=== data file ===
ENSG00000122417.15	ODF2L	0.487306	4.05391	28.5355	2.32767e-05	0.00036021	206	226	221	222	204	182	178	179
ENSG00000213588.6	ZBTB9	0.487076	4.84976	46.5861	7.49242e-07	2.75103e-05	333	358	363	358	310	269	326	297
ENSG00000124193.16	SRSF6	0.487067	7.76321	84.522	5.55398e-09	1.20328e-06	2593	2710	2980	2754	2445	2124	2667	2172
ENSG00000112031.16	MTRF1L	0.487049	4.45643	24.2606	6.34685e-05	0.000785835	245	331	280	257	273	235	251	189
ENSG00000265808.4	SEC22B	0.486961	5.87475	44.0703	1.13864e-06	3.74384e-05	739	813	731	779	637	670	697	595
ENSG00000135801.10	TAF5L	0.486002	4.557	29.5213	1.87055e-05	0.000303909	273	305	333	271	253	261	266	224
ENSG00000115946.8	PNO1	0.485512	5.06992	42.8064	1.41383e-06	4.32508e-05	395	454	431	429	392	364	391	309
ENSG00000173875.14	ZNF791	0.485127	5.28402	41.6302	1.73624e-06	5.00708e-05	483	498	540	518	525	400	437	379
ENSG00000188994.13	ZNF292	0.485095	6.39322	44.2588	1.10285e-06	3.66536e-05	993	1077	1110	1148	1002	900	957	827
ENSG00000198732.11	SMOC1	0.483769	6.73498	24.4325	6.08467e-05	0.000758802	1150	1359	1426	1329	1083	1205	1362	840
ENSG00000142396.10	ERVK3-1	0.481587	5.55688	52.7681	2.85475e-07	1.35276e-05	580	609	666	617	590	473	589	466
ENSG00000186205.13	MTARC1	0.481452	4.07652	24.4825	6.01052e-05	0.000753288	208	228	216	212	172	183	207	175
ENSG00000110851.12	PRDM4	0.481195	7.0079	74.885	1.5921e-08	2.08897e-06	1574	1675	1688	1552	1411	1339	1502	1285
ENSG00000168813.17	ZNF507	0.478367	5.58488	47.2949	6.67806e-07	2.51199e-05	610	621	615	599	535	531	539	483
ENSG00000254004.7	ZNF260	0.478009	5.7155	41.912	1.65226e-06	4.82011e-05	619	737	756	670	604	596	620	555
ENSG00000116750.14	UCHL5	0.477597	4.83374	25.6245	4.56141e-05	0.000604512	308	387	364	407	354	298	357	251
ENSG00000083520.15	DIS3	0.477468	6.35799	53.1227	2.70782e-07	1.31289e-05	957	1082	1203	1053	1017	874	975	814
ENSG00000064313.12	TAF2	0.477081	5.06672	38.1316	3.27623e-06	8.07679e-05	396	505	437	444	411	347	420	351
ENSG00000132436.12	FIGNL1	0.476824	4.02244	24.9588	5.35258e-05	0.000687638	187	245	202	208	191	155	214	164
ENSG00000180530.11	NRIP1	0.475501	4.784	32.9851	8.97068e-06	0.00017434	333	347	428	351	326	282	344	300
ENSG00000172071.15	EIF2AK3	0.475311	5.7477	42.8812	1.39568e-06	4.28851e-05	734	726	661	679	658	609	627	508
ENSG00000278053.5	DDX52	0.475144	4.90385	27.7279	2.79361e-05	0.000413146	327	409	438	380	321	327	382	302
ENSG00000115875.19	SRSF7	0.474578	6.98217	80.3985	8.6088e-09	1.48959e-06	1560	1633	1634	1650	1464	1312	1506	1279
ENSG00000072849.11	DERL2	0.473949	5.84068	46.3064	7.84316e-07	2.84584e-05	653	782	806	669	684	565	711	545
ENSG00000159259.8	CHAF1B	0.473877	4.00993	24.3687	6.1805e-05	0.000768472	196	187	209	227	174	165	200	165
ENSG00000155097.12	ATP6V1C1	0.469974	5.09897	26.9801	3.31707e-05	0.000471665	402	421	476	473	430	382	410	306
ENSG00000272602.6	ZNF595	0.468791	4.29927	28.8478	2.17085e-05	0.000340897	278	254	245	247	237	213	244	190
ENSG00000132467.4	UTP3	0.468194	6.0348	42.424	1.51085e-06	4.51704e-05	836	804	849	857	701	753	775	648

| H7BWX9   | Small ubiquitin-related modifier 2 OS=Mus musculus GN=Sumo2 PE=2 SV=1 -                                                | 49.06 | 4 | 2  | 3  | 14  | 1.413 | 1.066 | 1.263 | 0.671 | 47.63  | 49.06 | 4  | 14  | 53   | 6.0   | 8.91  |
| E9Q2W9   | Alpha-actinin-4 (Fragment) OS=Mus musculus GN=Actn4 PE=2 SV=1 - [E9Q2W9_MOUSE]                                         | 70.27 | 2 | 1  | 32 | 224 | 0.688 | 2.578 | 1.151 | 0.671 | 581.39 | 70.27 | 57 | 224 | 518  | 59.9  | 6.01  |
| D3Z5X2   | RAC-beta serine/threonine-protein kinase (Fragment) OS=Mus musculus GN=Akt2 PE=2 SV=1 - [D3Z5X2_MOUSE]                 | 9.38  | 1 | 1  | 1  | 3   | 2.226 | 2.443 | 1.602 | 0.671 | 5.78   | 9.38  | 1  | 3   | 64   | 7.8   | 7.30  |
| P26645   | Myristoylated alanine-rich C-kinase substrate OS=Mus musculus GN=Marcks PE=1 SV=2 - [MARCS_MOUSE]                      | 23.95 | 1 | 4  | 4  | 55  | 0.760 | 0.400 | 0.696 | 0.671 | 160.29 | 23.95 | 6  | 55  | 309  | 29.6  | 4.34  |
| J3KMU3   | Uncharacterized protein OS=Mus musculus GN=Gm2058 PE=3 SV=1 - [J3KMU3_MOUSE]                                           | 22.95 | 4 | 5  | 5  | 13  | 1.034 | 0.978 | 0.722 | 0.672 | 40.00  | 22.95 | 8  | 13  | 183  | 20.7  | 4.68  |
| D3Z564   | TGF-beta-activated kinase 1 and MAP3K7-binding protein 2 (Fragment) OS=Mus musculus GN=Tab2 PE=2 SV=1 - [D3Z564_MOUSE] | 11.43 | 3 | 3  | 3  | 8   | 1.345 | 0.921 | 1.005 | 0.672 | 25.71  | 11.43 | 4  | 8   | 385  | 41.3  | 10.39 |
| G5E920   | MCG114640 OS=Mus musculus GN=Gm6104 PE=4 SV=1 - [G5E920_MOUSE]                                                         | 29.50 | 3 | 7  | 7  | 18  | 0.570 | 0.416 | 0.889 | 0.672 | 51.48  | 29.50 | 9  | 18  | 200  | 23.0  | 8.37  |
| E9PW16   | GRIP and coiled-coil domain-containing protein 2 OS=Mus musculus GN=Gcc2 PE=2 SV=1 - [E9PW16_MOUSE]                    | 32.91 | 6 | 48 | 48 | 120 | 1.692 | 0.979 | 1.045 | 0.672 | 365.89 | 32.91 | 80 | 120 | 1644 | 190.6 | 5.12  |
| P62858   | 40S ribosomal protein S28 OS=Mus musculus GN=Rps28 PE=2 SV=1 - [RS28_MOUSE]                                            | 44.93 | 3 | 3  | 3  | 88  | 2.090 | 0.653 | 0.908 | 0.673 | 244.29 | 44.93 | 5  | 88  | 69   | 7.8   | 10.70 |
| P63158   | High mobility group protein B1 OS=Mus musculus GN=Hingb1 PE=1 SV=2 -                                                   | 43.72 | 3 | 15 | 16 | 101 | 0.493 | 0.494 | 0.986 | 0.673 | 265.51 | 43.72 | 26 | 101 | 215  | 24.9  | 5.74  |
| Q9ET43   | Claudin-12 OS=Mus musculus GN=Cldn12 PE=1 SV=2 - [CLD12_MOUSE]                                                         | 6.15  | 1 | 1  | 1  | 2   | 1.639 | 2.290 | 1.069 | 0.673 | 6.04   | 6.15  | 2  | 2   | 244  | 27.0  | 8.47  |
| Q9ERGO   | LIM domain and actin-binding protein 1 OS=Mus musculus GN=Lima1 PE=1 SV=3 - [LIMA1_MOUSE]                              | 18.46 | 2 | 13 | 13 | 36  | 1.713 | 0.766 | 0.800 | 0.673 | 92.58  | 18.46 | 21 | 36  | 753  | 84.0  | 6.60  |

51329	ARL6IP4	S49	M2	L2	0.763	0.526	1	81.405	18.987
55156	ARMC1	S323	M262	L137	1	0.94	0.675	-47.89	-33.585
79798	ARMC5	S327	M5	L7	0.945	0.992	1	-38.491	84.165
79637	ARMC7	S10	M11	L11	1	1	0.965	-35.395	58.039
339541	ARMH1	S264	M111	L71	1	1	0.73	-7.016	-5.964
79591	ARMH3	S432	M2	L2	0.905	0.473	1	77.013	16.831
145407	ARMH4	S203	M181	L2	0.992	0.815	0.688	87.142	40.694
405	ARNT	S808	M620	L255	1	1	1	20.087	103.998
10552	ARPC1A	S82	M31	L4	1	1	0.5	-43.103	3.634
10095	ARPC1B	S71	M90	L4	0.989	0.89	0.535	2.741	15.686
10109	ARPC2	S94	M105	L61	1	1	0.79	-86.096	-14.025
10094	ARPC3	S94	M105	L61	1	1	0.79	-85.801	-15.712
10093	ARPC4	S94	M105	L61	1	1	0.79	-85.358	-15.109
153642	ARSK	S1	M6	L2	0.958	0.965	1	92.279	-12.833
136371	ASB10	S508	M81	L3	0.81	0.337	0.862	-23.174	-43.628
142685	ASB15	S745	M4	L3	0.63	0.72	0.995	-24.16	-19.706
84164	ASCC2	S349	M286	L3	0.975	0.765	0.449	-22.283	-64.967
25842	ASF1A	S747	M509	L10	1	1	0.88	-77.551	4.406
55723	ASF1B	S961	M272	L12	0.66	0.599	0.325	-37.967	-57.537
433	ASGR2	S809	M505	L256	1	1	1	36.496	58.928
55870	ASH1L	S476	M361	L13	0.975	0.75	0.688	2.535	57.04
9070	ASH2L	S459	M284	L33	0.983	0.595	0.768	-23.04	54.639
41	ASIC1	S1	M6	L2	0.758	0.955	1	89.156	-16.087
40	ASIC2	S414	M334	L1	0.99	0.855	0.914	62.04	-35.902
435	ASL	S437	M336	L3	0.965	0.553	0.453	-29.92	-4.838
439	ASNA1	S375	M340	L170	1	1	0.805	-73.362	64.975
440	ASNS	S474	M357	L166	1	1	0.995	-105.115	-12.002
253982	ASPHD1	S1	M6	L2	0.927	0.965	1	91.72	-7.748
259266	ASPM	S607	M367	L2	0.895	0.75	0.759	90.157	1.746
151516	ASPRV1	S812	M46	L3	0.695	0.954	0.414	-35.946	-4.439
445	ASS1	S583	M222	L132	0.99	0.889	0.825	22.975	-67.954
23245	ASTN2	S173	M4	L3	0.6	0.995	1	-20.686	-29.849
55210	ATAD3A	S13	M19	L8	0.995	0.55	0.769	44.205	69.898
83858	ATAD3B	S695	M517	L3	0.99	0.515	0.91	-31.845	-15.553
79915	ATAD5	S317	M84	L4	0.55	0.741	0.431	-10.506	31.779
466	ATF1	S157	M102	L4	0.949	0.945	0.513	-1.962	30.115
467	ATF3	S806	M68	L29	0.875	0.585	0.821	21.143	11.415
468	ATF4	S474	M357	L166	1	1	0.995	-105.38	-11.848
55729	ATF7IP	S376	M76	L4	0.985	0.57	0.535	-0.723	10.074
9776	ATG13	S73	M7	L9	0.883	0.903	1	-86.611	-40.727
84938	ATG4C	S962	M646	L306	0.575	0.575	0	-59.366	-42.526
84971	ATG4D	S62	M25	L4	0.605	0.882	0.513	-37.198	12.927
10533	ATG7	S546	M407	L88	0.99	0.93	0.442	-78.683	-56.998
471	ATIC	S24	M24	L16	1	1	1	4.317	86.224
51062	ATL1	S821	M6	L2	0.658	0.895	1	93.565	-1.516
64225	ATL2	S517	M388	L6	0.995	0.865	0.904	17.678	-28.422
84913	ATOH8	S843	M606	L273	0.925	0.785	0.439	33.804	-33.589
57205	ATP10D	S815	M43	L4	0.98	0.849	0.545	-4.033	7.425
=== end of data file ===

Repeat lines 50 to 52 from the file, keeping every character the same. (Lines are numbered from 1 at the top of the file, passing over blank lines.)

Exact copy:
10095	ARPC1B	S71	M90	L4	0.989	0.89	0.535	2.741	15.686
10109	ARPC2	S94	M105	L61	1	1	0.79	-86.096	-14.025
10094	ARPC3	S94	M105	L61	1	1	0.79	-85.801	-15.712